Art and Responsibility: A Phenomenology of the Diverging Paths of Rosenzweig and Heidegger
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Two German philosophers working during the Weimar Republic in Germany, between the two World Wars, produced seminal texts that continue to resonate almost a hundred years later. Franz Rosenzweig―a Jewish philosopher, and Martin Heidegger―a philosopher who at one time was studying to become a Catholic priest, each in their own, particular way include in their writings powerful philosophies of art that, if approached phenomenologically and ethically, provide keys to understanding their radically divergent trajectories, both biographically and for their philosophical heritage. Simon provides a close reading of some of their essential texts―The Star of Redemption for Rosenzweig and Being and Time and The Origin of the Work of Art for Heidegger―in order to draw attention to how their philosophies of art can be understood to provide significant ethical directives.
Descartes’ own heuristic lead but transforming the order of application. Rosenzweig harnesses negation to relative, practical, and speciﬁc applications such that doubt, or negation, is at the clear and distinct service of the doubter’s analytic, and serves as a means in a systematic quest for positive “truths,” and not as some abstractly hypothetical starting point for an arbitrary method. What Rosenzweig rejects is Descartes’ attempt to achieve certainty of knowledge by setting doubt over
imperative of the command to love into a community instituting function. The demand (Aufforderung) to join in a common song of thanksgiving is an urging to express thankfulness for the gift given in ethical goodness: “Let us thank him . . . because he is good.” It is a thankfulness for the gift given in love and of how to love. It takes form as thanks for fulﬁllment, but also as anticipation of an eternity of thanksgiving for the love of the other that happens today, that is, a thanks for the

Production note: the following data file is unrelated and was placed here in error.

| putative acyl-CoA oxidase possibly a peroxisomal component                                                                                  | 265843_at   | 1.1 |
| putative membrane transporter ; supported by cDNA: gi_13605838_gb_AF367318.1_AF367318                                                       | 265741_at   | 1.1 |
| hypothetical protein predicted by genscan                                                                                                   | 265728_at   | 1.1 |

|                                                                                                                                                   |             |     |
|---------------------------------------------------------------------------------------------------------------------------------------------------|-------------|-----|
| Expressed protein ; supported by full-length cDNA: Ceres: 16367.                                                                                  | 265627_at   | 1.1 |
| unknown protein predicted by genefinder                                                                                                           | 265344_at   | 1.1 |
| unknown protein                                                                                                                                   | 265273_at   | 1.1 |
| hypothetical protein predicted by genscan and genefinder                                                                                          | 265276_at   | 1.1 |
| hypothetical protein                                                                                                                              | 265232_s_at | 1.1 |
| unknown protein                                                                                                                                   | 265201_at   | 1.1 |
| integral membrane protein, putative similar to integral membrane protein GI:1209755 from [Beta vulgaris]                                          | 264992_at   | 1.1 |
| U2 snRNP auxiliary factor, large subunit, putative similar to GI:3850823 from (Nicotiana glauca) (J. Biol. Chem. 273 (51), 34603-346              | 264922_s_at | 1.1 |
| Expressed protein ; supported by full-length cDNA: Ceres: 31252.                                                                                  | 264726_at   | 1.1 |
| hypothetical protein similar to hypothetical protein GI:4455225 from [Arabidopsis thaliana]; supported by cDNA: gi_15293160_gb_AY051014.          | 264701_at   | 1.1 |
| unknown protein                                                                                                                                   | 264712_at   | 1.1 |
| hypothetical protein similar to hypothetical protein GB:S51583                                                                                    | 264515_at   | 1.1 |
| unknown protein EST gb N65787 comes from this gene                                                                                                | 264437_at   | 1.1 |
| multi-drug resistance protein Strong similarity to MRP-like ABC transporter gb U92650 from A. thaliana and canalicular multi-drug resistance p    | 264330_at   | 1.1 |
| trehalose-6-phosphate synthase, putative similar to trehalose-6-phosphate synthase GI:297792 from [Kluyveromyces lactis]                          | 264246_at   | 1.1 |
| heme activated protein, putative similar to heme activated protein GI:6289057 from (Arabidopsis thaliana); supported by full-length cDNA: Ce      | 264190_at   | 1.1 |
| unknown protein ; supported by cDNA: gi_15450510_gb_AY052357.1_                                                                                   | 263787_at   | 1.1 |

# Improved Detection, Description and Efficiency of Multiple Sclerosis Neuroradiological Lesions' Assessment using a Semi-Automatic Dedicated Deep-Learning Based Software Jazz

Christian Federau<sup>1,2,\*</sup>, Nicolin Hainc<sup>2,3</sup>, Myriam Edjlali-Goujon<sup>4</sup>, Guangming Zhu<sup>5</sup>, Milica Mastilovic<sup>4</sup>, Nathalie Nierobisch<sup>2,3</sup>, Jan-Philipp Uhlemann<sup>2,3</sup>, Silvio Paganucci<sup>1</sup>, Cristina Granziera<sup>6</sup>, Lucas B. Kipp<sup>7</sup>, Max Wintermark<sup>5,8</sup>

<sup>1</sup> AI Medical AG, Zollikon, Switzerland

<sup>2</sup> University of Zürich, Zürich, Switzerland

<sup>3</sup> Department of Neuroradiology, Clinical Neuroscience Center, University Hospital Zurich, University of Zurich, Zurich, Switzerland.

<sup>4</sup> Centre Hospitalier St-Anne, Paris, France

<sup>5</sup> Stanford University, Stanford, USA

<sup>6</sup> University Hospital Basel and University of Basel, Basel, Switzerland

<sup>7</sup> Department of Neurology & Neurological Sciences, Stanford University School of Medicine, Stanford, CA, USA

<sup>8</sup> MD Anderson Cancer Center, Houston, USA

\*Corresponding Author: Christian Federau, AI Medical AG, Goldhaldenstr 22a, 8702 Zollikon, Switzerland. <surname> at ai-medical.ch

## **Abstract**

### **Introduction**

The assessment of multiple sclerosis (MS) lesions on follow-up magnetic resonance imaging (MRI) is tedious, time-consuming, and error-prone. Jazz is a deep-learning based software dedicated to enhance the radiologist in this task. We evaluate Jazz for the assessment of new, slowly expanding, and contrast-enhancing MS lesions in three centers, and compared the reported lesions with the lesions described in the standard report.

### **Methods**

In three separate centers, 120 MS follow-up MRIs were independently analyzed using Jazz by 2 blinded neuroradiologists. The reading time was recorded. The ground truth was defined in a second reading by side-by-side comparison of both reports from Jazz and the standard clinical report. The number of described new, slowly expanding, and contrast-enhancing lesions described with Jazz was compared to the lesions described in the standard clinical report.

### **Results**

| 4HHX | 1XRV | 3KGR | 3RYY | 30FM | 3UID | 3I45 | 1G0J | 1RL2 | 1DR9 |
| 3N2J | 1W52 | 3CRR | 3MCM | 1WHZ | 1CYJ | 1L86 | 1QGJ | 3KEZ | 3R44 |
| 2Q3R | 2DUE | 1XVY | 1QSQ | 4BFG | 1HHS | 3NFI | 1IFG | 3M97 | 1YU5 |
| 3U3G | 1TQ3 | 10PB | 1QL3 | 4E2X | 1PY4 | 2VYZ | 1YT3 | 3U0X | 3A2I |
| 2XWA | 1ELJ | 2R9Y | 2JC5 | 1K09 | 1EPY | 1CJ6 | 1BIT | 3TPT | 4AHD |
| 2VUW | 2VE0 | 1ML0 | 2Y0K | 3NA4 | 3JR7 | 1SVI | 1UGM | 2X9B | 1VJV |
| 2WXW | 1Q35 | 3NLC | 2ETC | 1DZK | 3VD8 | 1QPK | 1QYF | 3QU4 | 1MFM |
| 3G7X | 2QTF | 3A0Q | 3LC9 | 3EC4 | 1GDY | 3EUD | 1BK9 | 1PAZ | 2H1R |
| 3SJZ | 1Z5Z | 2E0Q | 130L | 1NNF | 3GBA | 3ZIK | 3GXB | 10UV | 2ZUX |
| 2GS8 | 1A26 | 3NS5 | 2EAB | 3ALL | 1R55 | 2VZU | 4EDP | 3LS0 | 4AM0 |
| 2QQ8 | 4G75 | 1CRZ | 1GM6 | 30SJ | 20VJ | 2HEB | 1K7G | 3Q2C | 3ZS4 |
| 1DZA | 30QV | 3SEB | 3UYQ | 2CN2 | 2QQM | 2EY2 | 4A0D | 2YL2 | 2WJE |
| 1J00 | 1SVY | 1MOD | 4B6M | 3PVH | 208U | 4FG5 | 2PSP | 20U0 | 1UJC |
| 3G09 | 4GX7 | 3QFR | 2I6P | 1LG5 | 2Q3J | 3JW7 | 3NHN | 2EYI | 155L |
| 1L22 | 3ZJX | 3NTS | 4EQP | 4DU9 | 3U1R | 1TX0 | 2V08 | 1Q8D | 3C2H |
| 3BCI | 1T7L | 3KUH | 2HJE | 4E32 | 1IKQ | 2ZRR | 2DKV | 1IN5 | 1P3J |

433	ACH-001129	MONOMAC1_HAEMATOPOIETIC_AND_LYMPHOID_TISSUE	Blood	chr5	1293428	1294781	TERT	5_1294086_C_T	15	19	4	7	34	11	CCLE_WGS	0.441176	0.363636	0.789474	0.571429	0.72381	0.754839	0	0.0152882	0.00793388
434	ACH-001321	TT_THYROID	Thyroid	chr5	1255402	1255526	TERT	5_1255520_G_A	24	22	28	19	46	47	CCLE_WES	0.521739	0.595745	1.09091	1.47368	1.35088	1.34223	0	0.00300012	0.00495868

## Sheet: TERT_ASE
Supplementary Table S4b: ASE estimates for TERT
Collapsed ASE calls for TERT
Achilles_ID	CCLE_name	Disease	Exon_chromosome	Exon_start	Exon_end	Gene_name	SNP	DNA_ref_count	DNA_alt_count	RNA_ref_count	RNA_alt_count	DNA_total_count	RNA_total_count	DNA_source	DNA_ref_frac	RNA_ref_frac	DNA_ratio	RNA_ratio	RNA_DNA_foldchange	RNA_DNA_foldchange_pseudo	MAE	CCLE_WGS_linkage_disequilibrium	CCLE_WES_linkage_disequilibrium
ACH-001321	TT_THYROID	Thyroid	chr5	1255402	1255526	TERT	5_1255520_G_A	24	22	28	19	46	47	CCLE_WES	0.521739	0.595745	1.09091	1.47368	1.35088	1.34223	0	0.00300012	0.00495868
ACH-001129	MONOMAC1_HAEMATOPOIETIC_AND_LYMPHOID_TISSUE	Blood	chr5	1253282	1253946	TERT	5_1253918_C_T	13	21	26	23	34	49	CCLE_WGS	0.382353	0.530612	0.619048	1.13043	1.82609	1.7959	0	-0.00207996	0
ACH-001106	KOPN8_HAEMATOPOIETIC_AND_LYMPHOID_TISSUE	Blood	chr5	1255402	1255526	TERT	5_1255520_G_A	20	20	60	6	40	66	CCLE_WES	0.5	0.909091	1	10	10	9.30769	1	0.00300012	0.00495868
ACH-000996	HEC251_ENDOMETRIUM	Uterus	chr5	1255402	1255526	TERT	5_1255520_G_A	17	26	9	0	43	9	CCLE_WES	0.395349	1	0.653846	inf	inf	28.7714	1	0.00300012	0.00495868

community that comes together to sing but, instead, comes together to speak its deﬁning word of judgment. A community achieves its identity and grows together insofar as it engages in ongoing speech–acts that deﬁnes itself as given to this or that particular historical task. Particularity is simultaneously a separation in the 126 Art and Responsibility sense of the German word for particularity, Besonderheit, which plays off the root word sonder. To sonder something is to “separate it off”
fact, a Tatsache, an act that matters in the world. And thus, as a fact, or act that matters, we need to talk about power and politics. And that discourse entails a discussion of art, of an aesthetics that fuels Rosenzweig’s messianism. In order for any of this en-souling activity to matter, to matter in actually changing the world, there needs to be public effectiveness, public even beyond the publicness of marriage. The aesthetic effects of the acts of redemption are that the en-souled
love that is at the heart of the “wandering,” as well as readings from Isaiah’s prophecy about the fruition of the chosen people, the judgment of those set against them, and the messianic vision of the day when “the wolf shall dwell together with the lamb and the world shall be as full of the recognition of the Lord as the sea is of water.” In other words, readings are read to engender a hope for enacting an ideal social order, set in a future time and a transformed world, when peace and justice